NEW TRIBUNAL, SAME OLD WEBSITE

January 18th, 2010 by Timothy Pitt-Payne QC

The website for the new First-tier Tribunal (Information Rights) is at the address formerly used by the Information Tribunal:  see here.

The website includes the Practice Statements that were issued under the old rules (i.e. the Information Tribunal (Enforcement Appeals) 2005), but as yet it does not include any practice directions made under the new rules.  We are however aware of a practice direction dated 18th January 2010 on confidentiality and redaction of documents (referred to in Anya’s post of 15th January).

The website also includes a redrafted version of the appeal form.

NEWS FLASH: INFORMATION TRIBUNAL RIP

January 15th, 2010 by Anya Proops

Today, we should all pause and reflect on the passing of the much loved Information Tribunal. With effect from this coming Monday (18 January 2010), the Information Tribunal in its existing incarnation will cease to exist and all work which has hitherto been done by the Tribunal will be transferred to the new General Regulatory Chamber. The transfer is to be effected in accordance with the Transfer of Functions Order 2010 (SI 2010/22) (“the Transfer Order”). It is important to be aware of the following systemic changes which will result from the transfer:

 

1.                   from 18 January 2010, all appeals under FOIA will be heard either in the First-tier Tribunal (Information Rights) (“the FTT”) or in the Upper Tribunal (“UT”);

2.                   the question whether particular appeals are to be heard in the FTT or the UT is, in principle, to be determined by the new tribunal rules governing the operation of the FTT and the UT (see paragraph 2(3) of the Transfer Order);

3.                   there are in fact two sets of rules which are relevant in this context:

 (a) the Tribunal Procedure (First-tier Tribunal)(General Regulatory Chamber) Rules 2009, SI 2009/1976 (“the FTT Rules”) (as amended very recently by the Tribunal Procedure (Amendment) Rules 2010, SI 2010/43); and

(b) the Tribunal Procedure (Upper Tribunal) Rules 2008, SI 2968/2008 (“the UT Rules”) (as amended by SI 2009/274, SI 2009/1975 and SI 2010/43);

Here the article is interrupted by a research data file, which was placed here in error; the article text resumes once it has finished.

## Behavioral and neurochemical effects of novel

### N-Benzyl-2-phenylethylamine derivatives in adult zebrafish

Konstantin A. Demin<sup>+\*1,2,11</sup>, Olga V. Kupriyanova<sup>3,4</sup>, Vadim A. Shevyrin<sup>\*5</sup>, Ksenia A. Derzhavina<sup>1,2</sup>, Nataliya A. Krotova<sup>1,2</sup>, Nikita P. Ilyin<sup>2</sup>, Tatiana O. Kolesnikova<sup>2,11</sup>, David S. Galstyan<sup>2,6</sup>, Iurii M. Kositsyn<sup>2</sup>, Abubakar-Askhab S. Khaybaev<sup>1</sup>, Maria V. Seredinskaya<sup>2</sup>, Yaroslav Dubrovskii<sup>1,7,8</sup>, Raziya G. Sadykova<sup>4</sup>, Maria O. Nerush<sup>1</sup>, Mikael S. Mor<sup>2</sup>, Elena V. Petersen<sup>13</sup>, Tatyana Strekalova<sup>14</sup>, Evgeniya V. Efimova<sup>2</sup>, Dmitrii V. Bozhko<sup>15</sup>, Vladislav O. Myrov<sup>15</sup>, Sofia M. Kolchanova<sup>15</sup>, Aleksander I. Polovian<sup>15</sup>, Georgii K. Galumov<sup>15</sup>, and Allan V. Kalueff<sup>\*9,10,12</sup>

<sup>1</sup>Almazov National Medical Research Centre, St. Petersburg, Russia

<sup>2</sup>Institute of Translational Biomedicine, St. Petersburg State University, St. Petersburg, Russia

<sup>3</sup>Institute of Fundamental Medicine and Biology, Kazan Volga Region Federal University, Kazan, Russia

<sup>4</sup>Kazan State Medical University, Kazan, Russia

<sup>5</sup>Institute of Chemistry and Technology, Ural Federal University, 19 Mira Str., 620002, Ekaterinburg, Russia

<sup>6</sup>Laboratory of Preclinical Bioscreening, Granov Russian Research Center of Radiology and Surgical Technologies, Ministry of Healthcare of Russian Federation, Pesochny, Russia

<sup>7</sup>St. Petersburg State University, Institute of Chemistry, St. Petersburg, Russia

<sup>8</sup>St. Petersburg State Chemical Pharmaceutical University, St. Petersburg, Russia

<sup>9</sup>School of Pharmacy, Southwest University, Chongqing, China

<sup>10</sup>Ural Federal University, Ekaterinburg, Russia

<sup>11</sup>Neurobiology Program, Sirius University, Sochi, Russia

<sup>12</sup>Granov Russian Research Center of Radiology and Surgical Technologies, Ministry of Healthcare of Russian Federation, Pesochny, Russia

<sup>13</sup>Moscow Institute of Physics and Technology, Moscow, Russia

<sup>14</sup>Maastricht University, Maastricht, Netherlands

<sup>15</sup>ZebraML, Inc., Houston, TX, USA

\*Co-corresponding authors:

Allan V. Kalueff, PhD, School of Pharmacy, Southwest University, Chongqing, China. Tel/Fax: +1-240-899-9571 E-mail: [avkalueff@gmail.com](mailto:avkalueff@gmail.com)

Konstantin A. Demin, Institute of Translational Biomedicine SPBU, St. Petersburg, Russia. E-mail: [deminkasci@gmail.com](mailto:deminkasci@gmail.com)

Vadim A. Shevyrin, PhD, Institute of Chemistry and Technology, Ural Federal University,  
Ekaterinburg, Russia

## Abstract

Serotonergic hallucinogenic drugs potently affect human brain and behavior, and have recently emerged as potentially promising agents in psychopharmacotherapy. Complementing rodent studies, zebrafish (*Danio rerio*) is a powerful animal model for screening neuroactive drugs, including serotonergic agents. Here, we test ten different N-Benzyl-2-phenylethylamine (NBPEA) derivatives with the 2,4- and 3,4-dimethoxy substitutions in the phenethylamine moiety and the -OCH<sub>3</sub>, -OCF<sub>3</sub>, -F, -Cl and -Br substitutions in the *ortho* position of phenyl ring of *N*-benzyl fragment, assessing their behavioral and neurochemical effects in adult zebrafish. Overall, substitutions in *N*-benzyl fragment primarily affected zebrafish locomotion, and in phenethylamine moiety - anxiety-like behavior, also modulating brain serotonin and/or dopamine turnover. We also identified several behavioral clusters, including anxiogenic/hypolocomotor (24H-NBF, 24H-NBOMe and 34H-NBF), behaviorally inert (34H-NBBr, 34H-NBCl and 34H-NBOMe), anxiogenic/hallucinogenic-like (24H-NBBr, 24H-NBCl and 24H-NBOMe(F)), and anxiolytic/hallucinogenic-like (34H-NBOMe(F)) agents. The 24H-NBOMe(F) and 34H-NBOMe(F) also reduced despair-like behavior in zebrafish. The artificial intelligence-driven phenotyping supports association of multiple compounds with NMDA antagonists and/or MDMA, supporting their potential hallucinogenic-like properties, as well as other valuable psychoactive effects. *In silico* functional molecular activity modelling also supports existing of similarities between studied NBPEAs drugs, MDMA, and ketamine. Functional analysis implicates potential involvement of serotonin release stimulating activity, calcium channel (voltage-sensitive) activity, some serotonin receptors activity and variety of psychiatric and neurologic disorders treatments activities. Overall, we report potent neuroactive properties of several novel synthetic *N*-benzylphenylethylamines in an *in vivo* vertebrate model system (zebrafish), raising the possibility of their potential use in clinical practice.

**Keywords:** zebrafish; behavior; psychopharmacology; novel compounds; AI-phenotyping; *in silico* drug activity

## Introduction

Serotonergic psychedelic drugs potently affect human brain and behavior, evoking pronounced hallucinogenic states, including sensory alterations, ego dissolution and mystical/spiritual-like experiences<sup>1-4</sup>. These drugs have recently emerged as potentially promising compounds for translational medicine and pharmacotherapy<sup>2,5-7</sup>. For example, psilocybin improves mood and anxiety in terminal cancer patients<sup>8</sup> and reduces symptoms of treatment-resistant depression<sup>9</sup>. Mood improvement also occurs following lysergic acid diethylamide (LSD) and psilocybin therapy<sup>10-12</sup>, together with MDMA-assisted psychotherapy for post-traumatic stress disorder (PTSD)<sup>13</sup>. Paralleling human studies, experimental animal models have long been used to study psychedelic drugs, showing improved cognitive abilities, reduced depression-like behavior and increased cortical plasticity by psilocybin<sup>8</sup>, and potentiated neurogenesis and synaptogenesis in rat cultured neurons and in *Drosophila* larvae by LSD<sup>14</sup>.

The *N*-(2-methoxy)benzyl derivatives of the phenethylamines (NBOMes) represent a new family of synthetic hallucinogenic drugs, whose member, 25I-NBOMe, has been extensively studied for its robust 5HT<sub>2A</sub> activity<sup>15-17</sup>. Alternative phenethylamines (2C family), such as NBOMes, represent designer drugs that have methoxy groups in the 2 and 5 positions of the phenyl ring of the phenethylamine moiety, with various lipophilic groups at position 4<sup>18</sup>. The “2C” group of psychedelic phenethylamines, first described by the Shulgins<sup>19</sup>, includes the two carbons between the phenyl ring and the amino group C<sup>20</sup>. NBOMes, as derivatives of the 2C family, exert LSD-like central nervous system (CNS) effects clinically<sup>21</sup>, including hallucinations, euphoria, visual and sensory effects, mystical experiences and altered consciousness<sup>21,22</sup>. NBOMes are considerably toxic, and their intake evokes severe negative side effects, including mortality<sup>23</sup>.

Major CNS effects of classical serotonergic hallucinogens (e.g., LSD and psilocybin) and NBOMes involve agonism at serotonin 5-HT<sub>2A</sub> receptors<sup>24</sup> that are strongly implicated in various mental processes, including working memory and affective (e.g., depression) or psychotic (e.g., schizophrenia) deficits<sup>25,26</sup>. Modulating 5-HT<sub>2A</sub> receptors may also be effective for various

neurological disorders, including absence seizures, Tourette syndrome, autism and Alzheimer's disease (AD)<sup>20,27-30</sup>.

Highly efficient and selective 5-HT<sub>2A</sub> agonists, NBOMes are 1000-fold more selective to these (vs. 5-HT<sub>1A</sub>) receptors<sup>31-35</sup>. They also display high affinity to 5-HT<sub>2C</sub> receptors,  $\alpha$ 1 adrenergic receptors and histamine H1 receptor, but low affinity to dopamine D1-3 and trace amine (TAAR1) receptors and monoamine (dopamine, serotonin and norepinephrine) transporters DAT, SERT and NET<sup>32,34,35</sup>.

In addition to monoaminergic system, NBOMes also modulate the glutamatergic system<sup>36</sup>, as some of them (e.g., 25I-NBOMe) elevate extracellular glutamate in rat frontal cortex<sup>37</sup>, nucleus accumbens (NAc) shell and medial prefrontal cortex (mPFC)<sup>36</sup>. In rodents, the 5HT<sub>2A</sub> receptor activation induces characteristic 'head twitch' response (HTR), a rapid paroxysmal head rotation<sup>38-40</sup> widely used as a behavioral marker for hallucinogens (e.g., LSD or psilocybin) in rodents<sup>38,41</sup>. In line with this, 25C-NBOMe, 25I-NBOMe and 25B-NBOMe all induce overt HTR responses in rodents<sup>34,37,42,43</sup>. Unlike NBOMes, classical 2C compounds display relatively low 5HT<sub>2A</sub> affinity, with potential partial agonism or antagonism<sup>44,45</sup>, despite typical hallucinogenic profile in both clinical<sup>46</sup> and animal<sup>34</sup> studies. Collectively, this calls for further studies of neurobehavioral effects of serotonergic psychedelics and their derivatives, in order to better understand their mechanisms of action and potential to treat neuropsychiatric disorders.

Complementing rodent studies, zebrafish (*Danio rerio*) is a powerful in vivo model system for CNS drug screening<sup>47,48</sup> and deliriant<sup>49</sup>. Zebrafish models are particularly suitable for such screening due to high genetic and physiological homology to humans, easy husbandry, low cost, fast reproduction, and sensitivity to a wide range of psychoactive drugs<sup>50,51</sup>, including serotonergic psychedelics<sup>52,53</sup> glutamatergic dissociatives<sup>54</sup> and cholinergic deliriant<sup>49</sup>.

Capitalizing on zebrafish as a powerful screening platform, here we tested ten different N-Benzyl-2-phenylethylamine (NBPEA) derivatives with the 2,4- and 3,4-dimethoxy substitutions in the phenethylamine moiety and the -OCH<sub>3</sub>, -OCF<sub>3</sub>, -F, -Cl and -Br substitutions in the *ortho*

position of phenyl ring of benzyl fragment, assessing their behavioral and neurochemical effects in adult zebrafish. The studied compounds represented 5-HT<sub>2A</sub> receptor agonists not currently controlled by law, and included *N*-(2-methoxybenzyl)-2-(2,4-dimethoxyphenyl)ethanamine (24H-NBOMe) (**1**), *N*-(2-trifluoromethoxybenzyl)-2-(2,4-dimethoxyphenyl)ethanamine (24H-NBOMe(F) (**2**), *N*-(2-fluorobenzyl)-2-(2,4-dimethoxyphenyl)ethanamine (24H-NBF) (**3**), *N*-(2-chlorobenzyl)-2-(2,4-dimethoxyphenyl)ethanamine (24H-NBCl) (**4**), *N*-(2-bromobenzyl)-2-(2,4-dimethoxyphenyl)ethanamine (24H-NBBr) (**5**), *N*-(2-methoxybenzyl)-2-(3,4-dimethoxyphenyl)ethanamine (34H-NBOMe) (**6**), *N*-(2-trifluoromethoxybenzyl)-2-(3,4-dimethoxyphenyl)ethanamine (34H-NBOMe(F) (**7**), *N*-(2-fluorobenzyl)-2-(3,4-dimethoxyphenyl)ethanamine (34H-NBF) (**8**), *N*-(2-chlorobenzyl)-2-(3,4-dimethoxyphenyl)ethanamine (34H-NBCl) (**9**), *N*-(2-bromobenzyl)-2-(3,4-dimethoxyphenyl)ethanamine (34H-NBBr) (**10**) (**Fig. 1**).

4.                   as matters currently stand, these Rules say very little as to how FOIA appeals are to be allocated as between the two different tribunals, save that all appeals under s. 60 FOIA (appeals against national security certificate) must be heard in the UT (see paragraph 24 of the Tribunal Procedure (Amendment) Rules 2010, SI 2010/43). It is understood that, apart from appeals brought under s. 60 FOIA, the issue of allocation of appeals as between the two tribunals is likely to be determined on the basis of (forthcoming) practice directions rather than by reference to the Rules per se;

5.                   the FTT Rules and the UT Rules will apply in respect of all new appeals brought under FOIA (i.e. appeals which are commenced on or after 18 Janaury 2010);

6.                   in respect of appeals commenced prior to 18 January 2010, the tribunal will have a discretion as to whether to apply: (a) the old rules (i.e. the Information Tribunal (Enforcement Appeals) Rules 2005); (b) the new rules; or (c) a combination of the two sets of rules (see further paragraph 3 of schedule 5 to the Transfer Order which contains the relevant transitional provisions);

7.                   the FTT Rules and UT Rules will in due course be supplemented by practice directions – see further the new practice direction on confidentiality and redaction of documents (dated 18 January 2010). 

 

 

 

CIVIL MONETARY PENALTIES FOR SECURITY BREACHES OF PERSONAL DATA

January 13th, 2010 by jamesgoudie

The Data Protection (Monetary Penalties) (Maximum Penalty and Notices) Regulations 2010, SI 2010/31, and the Draft Data Protection (Monetary Penalties) Order 2010, create a framework for the Information Commissioner to serve a monetary penalty notice on a data controller if he is satisfied there has been both a serious contravention by the data controller of the data protection principles and that the contravention was of a kind likely to cause substantial damage or distress.   Such contraventions must be either deliberate or something which the data controller knew would occur (or ought to have known) and of a kind likely to cause substantial damage or substantial distress, but in respect of which he failed to take reasonable steps to prevent.   

 

The Regulations prescribe the maximum amount of a monetary penalty.  They also set out the minimum details to be contained in a notice of intent, and in a monetary penalty notice.

 

The Order sets out procedural details of the issue of a monetary penalty notice following a notice of intent.  It also contains details of when enforcement action can be taken, and the power to cancel or vary a monetary penalty notice issued by the Information Commissioner, as well as details of appeal rights of data controllers.